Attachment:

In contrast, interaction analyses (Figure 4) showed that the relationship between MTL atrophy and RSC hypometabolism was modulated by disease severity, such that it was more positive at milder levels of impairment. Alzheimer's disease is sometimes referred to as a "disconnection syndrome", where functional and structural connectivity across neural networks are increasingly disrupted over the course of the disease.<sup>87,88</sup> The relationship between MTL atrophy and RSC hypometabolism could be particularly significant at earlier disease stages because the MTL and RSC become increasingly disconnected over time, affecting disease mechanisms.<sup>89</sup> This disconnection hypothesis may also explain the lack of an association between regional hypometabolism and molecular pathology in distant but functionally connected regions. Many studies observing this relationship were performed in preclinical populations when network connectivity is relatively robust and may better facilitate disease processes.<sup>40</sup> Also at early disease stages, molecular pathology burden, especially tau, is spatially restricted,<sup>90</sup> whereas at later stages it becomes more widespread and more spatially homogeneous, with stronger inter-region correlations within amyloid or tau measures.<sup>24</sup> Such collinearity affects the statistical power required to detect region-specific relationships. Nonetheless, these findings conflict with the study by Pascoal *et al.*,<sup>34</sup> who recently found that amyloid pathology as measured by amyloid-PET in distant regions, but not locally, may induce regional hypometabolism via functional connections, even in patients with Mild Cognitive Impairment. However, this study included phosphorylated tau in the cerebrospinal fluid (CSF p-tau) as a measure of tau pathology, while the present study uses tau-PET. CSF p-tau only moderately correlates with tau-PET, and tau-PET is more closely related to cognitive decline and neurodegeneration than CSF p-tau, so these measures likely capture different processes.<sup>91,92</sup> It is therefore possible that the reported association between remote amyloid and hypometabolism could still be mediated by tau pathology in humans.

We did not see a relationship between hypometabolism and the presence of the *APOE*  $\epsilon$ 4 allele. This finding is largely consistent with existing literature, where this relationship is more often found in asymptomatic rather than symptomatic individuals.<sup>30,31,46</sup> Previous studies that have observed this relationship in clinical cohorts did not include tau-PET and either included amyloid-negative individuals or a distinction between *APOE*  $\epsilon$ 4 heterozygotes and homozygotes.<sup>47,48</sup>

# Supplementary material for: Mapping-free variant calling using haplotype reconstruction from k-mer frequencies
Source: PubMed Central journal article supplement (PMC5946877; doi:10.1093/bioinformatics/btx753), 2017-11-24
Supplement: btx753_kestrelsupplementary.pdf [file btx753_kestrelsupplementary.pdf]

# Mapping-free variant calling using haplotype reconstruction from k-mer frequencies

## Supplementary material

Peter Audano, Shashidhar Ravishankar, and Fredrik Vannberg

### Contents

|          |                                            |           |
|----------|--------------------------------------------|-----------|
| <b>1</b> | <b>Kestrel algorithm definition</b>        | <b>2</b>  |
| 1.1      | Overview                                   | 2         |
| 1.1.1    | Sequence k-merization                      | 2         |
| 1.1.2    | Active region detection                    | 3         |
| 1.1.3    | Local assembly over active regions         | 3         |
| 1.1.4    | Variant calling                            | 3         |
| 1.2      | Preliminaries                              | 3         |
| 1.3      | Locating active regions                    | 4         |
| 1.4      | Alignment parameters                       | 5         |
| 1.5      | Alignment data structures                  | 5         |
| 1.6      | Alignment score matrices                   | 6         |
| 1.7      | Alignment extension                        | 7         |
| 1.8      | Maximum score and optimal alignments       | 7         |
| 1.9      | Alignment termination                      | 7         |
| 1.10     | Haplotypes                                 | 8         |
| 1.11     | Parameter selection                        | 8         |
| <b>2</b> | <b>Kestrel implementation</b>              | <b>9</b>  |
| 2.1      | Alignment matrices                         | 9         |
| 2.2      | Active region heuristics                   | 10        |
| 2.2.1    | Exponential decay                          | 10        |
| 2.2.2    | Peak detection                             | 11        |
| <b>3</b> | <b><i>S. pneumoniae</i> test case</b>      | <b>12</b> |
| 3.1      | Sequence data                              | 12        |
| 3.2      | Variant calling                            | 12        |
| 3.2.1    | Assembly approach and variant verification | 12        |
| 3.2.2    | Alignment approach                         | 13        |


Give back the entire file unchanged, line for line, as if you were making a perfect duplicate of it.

In contrast, interaction analyses (Figure 4) showed that the relationship between MTL atrophy and RSC hypometabolism was modulated by disease severity, such that it was more positive at milder levels of impairment. Alzheimer's disease is sometimes referred to as a "disconnection syndrome", where functional and structural connectivity across neural networks are increasingly disrupted over the course of the disease.<sup>87,88</sup> The relationship between MTL atrophy and RSC hypometabolism could be particularly significant at earlier disease stages because the MTL and RSC become increasingly disconnected over time, affecting disease mechanisms.<sup>89</sup> This disconnection hypothesis may also explain the lack of an association between regional hypometabolism and molecular pathology in distant but functionally connected regions. Many studies observing this relationship were performed in preclinical populations when network connectivity is relatively robust and may better facilitate disease processes.<sup>40</sup> Also at early disease stages, molecular pathology burden, especially tau, is spatially restricted,<sup>90</sup> whereas at later stages it becomes more widespread and more spatially homogeneous, with stronger inter-region correlations within amyloid or tau measures.<sup>24</sup> Such collinearity affects the statistical power required to detect region-specific relationships. Nonetheless, these findings conflict with the study by Pascoal *et al.*,<sup>34</sup> who recently found that amyloid pathology as measured by amyloid-PET in distant regions, but not locally, may induce regional hypometabolism via functional connections, even in patients with Mild Cognitive Impairment. However, this study included phosphorylated tau in the cerebrospinal fluid (CSF p-tau) as a measure of tau pathology, while the present study uses tau-PET. CSF p-tau only moderately correlates with tau-PET, and tau-PET is more closely related to cognitive decline and neurodegeneration than CSF p-tau, so these measures likely capture different processes.<sup>91,92</sup> It is therefore possible that the reported association between remote amyloid and hypometabolism could still be mediated by tau pathology in humans.

We did not see a relationship between hypometabolism and the presence of the *APOE*  $\epsilon$ 4 allele. This finding is largely consistent with existing literature, where this relationship is more often found in asymptomatic rather than symptomatic individuals.<sup>30,31,46</sup> Previous studies that have observed this relationship in clinical cohorts did not include tau-PET and either included amyloid-negative individuals or a distinction between *APOE*  $\epsilon$ 4 heterozygotes and homozygotes.<sup>47,48</sup>

# Supplementary material for: Mapping-free variant calling using haplotype reconstruction from k-mer frequencies
Source: PubMed Central journal article supplement (PMC5946877; doi:10.1093/bioinformatics/btx753), 2017-11-24
Supplement: btx753_kestrelsupplementary.pdf [file btx753_kestrelsupplementary.pdf]

# Mapping-free variant calling using haplotype reconstruction from k-mer frequencies

## Supplementary material

Peter Audano, Shashidhar Ravishankar, and Fredrik Vannberg

### Contents

|          |                                            |           |
|----------|--------------------------------------------|-----------|
| <b>1</b> | <b>Kestrel algorithm definition</b>        | <b>2</b>  |
| 1.1      | Overview                                   | 2         |
| 1.1.1    | Sequence k-merization                      | 2         |
| 1.1.2    | Active region detection                    | 3         |
| 1.1.3    | Local assembly over active regions         | 3         |
| 1.1.4    | Variant calling                            | 3         |
| 1.2      | Preliminaries                              | 3         |
| 1.3      | Locating active regions                    | 4         |
| 1.4      | Alignment parameters                       | 5         |
| 1.5      | Alignment data structures                  | 5         |
| 1.6      | Alignment score matrices                   | 6         |
| 1.7      | Alignment extension                        | 7         |
| 1.8      | Maximum score and optimal alignments       | 7         |
| 1.9      | Alignment termination                      | 7         |
| 1.10     | Haplotypes                                 | 8         |
| 1.11     | Parameter selection                        | 8         |
| <b>2</b> | <b>Kestrel implementation</b>              | <b>9</b>  |
| 2.1      | Alignment matrices                         | 9         |
| 2.2      | Active region heuristics                   | 10        |
| 2.2.1    | Exponential decay                          | 10        |
| 2.2.2    | Peak detection                             | 11        |
| <b>3</b> | <b><i>S. pneumoniae</i> test case</b>      | <b>12</b> |
| 3.1      | Sequence data                              | 12        |
| 3.2      | Variant calling                            | 12        |
| 3.2.1    | Assembly approach and variant verification | 12        |
| 3.2.2    | Alignment approach                         | 13        |